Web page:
Another guarantee as not only is Roger Deakins a legend in his own right, but the academy loves one-shot cinematography. Emmanuel Lubezki won three of these in a row recently for films featuring incredibly long takes (Gravity, Birdman, The Revenant) and the biggest praise about 1917 is its camerawork. Seemingly shot all in one take, it involved massive planning, insanely detailed choreography, and new camera rigs to go from handheld, to crane, to rig, to steadicam, onto a truck, back to handheld, etc without cutting.  It’s ironic that it took Deakins decades to win his first (2017s Blade Runner 2049) and now he’ll have two in three years. 

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Best Documentary

Should Win: N/A

Will Win: American Factory

Didn’t catch the docs this year but it’s unlikely that liberal Hollywood votes against the Obamas on this one. Particularly when the subject matter is close to America’s heart; a positive message about working-class citizens at a GM factory in the Midwest.

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Best Foreign Language Film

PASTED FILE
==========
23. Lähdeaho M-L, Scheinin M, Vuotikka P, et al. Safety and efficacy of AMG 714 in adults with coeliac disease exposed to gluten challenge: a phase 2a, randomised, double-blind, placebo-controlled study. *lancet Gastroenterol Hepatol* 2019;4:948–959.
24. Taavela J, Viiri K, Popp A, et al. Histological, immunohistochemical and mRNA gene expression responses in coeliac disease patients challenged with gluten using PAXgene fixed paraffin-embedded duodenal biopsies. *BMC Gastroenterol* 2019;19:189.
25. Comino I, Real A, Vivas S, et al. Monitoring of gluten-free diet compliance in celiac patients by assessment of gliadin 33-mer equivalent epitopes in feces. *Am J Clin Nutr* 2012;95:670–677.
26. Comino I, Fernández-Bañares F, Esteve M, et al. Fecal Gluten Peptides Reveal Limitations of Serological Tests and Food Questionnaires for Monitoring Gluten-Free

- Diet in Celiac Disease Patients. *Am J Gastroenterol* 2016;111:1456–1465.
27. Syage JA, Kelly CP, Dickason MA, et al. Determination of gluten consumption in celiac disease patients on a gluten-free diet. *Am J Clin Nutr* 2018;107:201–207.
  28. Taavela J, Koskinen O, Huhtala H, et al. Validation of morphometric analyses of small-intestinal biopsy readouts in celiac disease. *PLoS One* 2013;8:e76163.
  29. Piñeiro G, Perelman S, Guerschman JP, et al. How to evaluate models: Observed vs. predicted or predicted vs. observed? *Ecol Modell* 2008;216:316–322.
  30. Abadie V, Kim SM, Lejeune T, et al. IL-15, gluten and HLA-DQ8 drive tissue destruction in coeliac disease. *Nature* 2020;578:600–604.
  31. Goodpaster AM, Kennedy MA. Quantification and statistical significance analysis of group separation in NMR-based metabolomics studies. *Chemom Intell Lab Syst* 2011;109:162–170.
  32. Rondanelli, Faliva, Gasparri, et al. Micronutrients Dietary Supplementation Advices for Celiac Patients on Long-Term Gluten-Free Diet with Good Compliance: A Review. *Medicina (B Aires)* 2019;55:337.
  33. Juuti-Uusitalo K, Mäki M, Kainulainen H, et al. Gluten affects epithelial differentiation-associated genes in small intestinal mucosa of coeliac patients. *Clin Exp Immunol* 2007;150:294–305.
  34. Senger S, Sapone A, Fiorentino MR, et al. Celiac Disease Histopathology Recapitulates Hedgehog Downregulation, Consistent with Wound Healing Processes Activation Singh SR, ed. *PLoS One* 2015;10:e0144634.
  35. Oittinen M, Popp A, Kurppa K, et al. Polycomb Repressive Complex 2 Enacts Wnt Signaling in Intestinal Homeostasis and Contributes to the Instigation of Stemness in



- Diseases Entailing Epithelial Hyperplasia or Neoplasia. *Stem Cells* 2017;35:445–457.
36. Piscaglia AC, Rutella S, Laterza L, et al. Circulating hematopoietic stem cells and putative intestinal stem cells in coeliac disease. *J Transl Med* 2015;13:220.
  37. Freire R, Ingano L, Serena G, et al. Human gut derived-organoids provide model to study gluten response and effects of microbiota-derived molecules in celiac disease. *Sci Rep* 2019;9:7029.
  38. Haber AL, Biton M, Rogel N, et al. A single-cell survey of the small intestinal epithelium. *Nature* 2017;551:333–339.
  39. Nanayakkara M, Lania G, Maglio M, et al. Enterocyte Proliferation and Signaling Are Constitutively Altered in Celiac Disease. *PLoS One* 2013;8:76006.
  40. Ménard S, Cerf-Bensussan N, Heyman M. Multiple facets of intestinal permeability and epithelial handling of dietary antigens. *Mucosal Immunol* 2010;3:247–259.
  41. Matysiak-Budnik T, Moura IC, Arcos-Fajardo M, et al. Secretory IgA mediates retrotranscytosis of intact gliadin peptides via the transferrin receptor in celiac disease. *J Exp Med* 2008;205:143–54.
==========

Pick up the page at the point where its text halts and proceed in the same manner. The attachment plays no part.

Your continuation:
Should Win: Parasite

Will Win: Parasite

If they’re taking bets, bet the house. Parasite has already won this category and the only question is how many other statues it will have after all envelopes have been read.

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Best Film Editing

Should Win: Ford v Ferrari

Will Win: Ford v Ferrari

This is a trickier one given Parasite won the ACE award but I’m going with my gut. An editor once told me that the hardest thing in the world to cut is a racing scene where all the cars are going in one, continuous circle. Not only does the editor have to cut it in such a way so the audience knows exactly where they are on the track at any given moment and who is in what position, but also do it in such a way that doesn’t feel repetitive, boring, or confusing. To that credit, for all of the incredible racing sequences in FvF I think this one would be well-deserved, although keep an eye out for a potential Parasite spoiler. 

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Best Sound Editing

Should Win: Ford v Ferrari or 1917

Will Win: Ford v Ferrari

Most members of the Academy don’t understand the difference between Sound Editing and Sound Mixing, let alone the average person, but the truth is that it’s pretty simple. Sound Editing is the gathering of all the sounds one hears in a movie: sound effects, foley, ADR (re-recording dialogue in post-production), music, etc. The sound editing team is responsible for recording/gathering/compiling all of those sounds a movie needs to include.